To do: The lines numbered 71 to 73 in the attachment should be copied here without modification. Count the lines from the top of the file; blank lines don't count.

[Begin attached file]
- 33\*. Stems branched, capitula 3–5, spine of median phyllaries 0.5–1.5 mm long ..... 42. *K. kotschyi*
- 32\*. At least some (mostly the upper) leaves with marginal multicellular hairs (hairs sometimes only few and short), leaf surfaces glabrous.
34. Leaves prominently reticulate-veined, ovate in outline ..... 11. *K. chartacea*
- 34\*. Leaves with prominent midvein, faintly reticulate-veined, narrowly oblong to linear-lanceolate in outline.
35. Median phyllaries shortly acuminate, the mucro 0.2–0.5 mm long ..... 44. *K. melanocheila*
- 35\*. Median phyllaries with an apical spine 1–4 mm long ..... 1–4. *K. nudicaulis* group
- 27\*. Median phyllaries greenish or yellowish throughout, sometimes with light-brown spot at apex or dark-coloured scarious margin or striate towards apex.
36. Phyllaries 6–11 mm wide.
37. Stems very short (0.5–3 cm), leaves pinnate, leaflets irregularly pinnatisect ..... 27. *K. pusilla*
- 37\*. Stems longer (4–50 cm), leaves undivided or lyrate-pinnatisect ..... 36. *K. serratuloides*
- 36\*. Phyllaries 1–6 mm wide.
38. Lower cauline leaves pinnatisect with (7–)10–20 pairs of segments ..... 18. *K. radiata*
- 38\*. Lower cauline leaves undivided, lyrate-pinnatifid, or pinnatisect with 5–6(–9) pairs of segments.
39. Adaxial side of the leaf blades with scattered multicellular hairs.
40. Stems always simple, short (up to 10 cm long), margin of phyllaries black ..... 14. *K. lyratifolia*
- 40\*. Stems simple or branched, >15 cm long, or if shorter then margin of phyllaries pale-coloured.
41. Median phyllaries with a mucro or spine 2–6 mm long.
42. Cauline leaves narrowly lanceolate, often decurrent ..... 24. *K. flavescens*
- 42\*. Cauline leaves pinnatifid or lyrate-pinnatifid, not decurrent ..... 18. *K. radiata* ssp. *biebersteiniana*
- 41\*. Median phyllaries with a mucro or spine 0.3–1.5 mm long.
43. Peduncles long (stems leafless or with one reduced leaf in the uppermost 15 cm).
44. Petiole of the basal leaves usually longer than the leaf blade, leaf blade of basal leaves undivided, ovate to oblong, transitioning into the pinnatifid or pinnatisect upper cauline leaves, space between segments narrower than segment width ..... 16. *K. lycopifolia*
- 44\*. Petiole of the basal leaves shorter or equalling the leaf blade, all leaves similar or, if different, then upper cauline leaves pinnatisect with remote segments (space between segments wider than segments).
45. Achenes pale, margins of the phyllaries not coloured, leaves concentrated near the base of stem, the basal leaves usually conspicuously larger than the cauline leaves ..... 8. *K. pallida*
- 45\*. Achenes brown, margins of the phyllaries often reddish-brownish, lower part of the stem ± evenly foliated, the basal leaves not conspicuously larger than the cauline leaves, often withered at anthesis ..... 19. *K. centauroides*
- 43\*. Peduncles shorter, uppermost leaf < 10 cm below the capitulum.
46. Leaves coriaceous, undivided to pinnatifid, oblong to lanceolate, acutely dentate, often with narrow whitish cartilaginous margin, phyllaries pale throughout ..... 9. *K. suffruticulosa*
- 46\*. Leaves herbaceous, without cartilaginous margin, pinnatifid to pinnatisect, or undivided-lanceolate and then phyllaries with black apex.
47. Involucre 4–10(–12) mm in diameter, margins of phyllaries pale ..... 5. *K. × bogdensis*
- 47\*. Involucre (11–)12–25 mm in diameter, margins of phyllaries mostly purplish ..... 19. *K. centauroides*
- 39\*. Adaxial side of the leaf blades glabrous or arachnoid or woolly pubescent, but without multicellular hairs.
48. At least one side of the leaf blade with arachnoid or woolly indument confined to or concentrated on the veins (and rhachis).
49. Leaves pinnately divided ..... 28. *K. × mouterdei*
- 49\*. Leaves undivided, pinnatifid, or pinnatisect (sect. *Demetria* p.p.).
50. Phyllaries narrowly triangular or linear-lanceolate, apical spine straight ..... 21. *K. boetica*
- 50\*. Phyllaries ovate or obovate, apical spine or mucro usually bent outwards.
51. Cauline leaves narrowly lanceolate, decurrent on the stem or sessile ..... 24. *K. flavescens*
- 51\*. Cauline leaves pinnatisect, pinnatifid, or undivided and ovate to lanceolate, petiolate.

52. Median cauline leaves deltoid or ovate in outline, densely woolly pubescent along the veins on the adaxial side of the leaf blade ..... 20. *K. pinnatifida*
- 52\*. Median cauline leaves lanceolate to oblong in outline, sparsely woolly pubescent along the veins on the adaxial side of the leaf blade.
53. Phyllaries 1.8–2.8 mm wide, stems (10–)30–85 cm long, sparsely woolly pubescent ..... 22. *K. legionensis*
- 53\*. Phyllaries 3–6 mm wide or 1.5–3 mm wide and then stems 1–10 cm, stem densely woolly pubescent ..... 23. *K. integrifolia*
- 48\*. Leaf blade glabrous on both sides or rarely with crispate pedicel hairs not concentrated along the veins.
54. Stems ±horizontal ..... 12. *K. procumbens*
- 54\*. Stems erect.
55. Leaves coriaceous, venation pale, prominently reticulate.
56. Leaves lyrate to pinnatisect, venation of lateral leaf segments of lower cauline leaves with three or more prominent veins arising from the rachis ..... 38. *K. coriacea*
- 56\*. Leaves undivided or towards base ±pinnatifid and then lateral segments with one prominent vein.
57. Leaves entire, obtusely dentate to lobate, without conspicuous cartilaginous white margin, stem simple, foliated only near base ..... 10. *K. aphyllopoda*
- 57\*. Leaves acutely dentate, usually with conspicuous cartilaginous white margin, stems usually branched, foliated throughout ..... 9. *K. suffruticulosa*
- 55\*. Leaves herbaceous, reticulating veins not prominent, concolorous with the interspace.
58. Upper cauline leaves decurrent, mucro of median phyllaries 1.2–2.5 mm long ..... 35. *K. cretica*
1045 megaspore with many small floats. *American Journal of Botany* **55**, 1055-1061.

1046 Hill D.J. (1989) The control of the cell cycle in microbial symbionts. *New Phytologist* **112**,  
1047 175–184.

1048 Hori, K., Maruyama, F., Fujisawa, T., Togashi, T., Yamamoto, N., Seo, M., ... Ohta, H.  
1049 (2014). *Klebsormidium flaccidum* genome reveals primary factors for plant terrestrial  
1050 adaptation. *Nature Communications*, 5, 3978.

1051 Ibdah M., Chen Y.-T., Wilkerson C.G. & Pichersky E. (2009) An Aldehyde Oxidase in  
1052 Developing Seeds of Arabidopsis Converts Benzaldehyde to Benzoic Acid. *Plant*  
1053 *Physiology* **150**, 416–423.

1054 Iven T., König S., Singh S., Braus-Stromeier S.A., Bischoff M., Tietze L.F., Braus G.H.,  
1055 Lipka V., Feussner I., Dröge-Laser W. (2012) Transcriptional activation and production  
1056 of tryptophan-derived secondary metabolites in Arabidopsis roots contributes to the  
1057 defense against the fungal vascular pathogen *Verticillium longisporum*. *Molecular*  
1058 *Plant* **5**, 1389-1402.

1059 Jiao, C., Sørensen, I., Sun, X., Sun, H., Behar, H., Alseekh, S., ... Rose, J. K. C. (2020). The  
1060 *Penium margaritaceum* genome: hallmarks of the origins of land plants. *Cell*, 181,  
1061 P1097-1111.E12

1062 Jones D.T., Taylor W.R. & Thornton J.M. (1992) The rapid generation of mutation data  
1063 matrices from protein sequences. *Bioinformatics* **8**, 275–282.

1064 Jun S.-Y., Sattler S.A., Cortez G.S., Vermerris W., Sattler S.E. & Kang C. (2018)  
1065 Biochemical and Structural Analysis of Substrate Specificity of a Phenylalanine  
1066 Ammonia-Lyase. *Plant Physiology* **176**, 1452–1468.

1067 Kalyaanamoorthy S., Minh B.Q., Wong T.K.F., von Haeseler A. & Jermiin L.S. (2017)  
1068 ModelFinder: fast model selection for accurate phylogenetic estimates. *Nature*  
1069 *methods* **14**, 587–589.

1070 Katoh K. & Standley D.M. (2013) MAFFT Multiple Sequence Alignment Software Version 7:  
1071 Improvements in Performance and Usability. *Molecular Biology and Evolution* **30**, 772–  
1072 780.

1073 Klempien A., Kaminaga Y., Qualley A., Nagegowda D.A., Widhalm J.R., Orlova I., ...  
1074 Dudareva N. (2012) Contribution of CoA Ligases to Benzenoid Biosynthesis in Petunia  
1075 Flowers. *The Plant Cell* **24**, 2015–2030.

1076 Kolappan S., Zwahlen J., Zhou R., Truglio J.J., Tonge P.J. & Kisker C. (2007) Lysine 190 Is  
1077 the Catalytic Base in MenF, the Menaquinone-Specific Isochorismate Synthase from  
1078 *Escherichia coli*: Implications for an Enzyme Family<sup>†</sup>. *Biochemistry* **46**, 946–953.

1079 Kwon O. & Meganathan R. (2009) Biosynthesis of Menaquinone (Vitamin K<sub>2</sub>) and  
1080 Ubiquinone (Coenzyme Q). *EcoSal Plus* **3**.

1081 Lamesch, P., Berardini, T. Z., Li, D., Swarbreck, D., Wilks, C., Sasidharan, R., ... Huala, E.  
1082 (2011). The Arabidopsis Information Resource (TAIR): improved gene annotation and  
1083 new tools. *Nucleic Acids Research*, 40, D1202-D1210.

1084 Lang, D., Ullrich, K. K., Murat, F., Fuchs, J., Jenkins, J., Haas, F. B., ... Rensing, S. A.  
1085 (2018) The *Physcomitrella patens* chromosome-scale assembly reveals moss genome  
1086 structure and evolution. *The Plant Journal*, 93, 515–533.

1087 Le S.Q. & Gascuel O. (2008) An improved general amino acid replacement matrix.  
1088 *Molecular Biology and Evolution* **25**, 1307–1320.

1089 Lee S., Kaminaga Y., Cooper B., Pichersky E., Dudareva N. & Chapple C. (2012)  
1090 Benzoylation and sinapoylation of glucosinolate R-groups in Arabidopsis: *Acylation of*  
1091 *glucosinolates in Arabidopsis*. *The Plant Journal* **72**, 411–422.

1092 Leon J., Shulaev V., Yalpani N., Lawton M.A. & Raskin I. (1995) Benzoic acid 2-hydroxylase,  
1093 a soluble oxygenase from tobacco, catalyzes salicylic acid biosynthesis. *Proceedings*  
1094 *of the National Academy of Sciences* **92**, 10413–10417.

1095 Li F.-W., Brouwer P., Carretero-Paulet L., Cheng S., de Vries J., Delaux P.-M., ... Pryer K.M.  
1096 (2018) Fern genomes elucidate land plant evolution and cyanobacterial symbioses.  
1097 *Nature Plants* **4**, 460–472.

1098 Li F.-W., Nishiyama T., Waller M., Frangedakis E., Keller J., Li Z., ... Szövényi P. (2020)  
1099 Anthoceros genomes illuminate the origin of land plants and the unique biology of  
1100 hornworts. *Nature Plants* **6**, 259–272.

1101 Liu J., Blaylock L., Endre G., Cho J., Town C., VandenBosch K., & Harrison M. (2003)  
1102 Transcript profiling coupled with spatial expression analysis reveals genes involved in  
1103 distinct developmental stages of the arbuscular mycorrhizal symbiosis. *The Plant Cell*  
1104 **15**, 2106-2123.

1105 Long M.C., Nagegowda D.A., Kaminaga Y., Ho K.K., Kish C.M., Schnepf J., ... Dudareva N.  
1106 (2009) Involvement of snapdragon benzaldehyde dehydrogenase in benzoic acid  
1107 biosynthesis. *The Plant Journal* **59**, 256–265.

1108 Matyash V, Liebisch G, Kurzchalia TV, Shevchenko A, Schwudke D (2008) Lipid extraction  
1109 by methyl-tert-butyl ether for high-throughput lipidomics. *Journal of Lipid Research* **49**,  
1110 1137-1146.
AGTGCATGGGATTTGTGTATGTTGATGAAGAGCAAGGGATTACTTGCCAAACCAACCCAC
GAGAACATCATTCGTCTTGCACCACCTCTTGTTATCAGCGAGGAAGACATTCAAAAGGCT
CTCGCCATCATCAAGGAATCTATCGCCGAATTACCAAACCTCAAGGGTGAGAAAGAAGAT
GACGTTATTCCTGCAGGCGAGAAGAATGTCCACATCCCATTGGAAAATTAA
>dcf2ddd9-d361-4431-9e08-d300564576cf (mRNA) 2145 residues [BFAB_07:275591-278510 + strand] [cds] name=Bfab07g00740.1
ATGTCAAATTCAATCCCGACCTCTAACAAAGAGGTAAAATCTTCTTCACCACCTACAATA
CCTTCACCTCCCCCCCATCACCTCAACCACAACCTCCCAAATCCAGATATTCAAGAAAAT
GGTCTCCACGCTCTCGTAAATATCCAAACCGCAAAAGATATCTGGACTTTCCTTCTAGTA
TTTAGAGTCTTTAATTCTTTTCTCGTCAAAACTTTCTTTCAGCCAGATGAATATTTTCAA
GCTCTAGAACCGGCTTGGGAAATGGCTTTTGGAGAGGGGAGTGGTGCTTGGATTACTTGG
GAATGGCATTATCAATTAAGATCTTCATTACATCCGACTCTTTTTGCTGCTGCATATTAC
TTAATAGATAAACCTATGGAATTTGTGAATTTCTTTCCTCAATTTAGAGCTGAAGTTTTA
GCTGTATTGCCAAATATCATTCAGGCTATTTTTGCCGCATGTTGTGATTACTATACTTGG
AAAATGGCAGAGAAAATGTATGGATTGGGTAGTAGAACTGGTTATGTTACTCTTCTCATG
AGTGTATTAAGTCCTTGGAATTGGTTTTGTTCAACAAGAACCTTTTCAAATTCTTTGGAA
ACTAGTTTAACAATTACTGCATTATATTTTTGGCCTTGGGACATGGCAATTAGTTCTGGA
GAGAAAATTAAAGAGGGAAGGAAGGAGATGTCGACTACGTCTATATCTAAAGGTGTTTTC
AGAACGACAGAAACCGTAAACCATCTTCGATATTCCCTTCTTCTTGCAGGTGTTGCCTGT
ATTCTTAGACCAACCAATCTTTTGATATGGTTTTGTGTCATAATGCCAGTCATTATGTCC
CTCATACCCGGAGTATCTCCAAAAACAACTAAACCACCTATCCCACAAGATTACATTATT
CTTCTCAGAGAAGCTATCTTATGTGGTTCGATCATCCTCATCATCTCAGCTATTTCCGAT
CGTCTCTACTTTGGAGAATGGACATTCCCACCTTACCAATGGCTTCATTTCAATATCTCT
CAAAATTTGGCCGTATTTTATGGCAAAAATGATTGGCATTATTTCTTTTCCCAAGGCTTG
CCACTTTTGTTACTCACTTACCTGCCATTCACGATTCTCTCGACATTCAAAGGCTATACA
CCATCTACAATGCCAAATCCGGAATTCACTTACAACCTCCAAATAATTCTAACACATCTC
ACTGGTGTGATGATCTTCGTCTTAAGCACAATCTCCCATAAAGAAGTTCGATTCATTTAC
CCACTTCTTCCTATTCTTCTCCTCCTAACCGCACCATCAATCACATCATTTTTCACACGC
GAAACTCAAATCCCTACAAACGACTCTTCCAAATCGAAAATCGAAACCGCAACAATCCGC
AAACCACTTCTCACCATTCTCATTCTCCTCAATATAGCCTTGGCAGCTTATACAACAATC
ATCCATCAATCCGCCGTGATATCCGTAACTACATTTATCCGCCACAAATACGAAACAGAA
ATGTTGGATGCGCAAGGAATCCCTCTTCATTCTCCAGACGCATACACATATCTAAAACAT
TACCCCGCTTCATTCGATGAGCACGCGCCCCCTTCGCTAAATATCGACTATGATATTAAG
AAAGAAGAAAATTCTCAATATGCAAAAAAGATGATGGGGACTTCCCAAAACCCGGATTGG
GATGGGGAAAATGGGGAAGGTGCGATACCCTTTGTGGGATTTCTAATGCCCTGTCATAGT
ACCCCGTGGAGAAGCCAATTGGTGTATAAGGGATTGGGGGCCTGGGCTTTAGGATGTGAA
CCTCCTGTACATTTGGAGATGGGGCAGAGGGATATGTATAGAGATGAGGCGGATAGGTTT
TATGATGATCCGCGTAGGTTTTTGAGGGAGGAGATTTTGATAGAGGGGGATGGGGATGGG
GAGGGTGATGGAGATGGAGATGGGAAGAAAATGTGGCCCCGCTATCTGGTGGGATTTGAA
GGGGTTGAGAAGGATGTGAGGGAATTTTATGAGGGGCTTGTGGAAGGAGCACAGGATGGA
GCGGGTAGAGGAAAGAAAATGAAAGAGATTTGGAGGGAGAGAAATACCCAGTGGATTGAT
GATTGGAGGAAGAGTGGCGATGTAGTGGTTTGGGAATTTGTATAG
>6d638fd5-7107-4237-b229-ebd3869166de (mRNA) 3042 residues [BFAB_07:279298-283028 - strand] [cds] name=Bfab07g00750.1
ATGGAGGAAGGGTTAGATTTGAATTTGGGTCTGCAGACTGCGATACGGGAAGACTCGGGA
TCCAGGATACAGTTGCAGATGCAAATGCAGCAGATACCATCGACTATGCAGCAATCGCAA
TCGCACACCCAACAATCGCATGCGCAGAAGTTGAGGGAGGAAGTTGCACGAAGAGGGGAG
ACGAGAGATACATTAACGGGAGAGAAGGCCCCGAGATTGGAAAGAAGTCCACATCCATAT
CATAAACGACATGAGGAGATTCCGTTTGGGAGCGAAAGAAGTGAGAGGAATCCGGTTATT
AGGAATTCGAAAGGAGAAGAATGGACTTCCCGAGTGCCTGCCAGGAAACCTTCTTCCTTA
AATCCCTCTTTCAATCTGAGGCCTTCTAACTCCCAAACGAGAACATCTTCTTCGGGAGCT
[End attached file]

1063 matrices from protein sequences. *Bioinformatics* **8**, 275–282.

1064 Jun S.-Y., Sattler S.A., Cortez G.S., Vermerris W., Sattler S.E. & Kang C. (2018)  
1065 Biochemical and Structural Analysis of Substrate Specificity of a Phenylalanine  